Difference between revisions of "Thirty Seconds of TED Translator Fame at TEDActive2012"
(Created page with "TEDActive, Palm Springs, Leap Day 2012 7:50 AM. I'm enjoying breakfast with my friend Linda Ellwein at the Wexler Garden. I tell her I have a plan. Is she with me? Of course she...")
Revision as of 14:51, 1 March 2012
TEDActive, Palm Springs, Leap Day 2012
7:50 AM. I'm enjoying breakfast with my friend Linda Ellwein at the Wexler Garden. I tell her I have a plan. Is she with me? Of course she is - as if I needed to ask that.
8:30 AM. On the TEDActive stage in the Showlounge, Rives and Kelly open the mic to the audience. Anyone who wants, gets 30 seconds to say, sing or do whatever they like. Any candidates?
8:31 AM. I can't believe I'm doing this. I'm shaking hands with Rives and Kelly. I get to pick my First Follower, because I'm going to start a movement. Apart from Linda and Per, most of my friends have not yet arrived, so I choose Michael, a volunteer in the front row. Ready? The countdown starts.
"Yesterday we heard the oldest surviving musical composition. Today, as a TED Translator, I will give you in English the meaning of the 17 words of Ancient Greek lyrics of that song. Shine while you're alive. Do not be in pain. Life is but short. Time always claims the last word." And then I point at the countdown clock, where I have 4 seconds left.
I gracefully accept Rives's compliment and the applause. Rives shows his true calling as a TED Translator, saying: "That was a nice speech, but in fact there was a mistake in it. This is what the song really means" - followed by a funny made-up poem of his own.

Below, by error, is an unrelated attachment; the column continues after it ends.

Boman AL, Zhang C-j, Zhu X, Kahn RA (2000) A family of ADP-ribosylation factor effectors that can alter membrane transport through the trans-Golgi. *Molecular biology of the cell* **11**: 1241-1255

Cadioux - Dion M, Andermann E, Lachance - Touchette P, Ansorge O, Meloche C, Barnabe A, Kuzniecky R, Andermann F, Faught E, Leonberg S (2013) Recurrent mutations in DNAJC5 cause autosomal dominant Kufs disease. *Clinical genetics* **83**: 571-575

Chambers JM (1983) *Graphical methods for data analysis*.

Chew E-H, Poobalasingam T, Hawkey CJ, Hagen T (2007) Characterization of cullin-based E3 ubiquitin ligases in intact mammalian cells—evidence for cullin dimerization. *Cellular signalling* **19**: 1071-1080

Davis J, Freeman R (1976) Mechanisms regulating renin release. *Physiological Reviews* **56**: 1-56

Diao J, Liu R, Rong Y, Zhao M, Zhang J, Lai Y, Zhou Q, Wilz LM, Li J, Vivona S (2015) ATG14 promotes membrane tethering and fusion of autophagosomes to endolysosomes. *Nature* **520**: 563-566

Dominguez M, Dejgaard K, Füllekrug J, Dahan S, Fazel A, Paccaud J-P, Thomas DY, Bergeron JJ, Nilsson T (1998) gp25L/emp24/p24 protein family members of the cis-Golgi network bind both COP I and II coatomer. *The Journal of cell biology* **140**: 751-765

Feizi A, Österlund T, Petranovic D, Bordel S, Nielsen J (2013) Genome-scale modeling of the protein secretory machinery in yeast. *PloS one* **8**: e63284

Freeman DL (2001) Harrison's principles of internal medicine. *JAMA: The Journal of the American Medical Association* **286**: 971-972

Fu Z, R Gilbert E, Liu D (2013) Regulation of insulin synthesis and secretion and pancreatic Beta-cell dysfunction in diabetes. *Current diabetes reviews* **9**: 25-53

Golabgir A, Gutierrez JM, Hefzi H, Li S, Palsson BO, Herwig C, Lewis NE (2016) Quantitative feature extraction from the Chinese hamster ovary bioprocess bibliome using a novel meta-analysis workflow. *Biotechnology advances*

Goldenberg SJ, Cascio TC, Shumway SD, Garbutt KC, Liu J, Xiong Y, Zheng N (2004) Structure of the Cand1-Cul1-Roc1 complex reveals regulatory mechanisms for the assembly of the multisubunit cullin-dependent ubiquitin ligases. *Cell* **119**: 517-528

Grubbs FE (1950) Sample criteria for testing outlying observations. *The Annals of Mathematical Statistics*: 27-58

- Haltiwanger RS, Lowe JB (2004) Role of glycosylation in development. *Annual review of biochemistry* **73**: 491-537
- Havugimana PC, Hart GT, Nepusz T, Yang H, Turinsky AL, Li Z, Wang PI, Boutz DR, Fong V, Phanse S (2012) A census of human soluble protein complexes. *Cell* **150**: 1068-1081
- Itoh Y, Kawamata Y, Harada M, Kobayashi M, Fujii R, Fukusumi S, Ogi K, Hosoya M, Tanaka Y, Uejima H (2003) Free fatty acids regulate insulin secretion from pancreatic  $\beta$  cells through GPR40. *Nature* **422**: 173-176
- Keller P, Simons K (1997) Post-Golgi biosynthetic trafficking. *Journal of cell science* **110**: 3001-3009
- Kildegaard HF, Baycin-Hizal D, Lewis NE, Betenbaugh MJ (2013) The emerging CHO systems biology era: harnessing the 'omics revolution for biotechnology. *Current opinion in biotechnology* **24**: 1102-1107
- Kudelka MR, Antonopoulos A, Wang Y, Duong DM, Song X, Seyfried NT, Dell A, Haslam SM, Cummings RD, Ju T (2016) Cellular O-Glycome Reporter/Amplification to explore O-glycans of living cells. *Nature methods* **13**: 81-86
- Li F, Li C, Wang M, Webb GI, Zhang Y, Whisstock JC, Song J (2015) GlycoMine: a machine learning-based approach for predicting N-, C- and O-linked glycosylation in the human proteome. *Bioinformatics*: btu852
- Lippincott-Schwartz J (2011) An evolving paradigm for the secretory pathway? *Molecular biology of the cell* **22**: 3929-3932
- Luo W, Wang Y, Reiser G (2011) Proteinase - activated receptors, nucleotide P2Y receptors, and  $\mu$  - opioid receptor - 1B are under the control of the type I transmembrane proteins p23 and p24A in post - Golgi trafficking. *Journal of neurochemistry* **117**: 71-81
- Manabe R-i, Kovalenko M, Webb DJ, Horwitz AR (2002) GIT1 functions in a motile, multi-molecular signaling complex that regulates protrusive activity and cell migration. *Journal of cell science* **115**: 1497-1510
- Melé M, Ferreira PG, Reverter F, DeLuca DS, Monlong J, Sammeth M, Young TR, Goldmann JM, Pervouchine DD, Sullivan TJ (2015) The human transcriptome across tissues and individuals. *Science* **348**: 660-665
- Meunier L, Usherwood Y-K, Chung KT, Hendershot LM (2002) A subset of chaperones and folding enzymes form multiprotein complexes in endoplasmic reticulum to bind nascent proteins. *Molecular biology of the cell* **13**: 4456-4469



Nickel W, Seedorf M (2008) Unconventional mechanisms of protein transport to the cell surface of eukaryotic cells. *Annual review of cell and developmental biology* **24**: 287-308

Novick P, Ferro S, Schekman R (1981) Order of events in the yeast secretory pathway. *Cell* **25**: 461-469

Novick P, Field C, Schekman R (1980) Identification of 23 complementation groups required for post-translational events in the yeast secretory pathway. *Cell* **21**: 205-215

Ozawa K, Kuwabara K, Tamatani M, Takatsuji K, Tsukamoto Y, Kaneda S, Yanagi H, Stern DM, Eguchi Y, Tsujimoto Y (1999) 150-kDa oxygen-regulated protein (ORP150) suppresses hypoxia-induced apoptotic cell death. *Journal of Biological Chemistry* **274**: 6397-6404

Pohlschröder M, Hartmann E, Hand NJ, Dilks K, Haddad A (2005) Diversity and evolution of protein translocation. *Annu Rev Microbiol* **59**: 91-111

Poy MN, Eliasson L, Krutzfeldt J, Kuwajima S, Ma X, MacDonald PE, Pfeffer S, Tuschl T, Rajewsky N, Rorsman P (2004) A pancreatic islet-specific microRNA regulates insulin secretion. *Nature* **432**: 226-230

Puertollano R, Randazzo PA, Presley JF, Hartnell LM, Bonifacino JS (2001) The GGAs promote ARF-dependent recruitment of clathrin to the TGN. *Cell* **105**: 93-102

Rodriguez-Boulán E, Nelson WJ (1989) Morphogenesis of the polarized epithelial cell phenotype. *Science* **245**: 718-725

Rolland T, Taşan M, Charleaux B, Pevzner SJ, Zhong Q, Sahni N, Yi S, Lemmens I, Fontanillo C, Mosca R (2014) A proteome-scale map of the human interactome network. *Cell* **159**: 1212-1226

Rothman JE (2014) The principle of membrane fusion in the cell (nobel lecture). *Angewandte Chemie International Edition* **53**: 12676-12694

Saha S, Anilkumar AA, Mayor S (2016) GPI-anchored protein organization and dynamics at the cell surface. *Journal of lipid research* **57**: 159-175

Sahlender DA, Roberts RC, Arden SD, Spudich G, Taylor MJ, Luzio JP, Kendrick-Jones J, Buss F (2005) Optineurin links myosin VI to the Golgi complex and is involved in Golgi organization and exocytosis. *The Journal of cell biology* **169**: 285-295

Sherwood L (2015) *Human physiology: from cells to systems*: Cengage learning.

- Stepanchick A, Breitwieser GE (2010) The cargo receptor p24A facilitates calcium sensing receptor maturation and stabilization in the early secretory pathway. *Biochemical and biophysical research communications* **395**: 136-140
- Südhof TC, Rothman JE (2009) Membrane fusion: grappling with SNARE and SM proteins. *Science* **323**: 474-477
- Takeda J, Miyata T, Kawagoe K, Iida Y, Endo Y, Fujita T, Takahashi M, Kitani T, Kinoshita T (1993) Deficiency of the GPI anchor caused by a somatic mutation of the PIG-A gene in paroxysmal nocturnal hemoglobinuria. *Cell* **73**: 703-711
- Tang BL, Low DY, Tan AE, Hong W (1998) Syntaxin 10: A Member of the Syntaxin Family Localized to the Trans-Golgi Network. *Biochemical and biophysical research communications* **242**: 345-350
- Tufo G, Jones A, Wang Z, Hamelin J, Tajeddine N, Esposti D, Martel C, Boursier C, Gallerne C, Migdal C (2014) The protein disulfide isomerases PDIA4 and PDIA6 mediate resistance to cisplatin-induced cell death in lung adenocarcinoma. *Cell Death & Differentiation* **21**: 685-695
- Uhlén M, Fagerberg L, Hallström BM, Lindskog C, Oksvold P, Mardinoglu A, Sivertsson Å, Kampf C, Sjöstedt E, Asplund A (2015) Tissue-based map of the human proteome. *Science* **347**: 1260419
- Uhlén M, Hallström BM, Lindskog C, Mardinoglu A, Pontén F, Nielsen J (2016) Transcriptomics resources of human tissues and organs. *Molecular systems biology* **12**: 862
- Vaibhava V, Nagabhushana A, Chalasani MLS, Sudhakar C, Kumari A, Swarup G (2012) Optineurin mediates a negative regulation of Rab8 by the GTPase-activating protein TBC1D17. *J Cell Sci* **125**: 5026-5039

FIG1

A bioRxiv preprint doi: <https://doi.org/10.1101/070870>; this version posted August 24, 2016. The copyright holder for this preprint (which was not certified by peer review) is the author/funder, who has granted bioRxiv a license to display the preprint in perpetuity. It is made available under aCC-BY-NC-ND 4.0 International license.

As I get off the stage, I get a big hug from Linda and Per. Two ladies in the audience, previously unknown to me, say: "You know, until now the only thing we knew was that you were the one woman with the four TEDx guys in the Belgian villa, which is quite famous on the TEDActive Facebook group. But that just changed!"
Another man comes up to me: "Could you please write up that text? That is the oldest association of fear and time that I know of!" Wait a minute. Fear. Who spoke of fear? Damn. I said "don't be afraid" instead of "don't be in pain", so yes Rives, that was actually wrong! It probably happened because of what I had been repeating in my head before I went up. Don't be afraid. You're going to be on the TEDActive stage with Kelly and Rives, but don't be afraid. Sorry to dissapoint you, man, no early connection of fear and time in Ancient Greek literature. There goes my chance at a leap forward on the Citation Index.
Flashback to August 1984, Great Hall of the University of Leuven. On my application paper, I fill out "Classical Philology". I savour the sound of it: philo-logy, love of words. For the next four years, I'll be doing lots of translations, from Latin and Ancient Greek to Dutch and even the other way round. I also sing a lot, mostly in the University Choir, where I will meet my husband and many of my friends. But there is also a smaller choir consisting only of students in Classics. On their repertoire, they is one song in Ancient Greek. Almost thirty years later, its lyrics fit perfectly to a TEDActive stage in Palm Springs, California. I have nothing to add to that.
Ὅσον ζῇς φαίνου - μηδὲν ὅλως σὺ λυποῦ - πρὸς ὀλίγον ἐστὶ τὸ ζῆν - τὸ τέλος ὁ xρόνος ἀπαιτεῖ.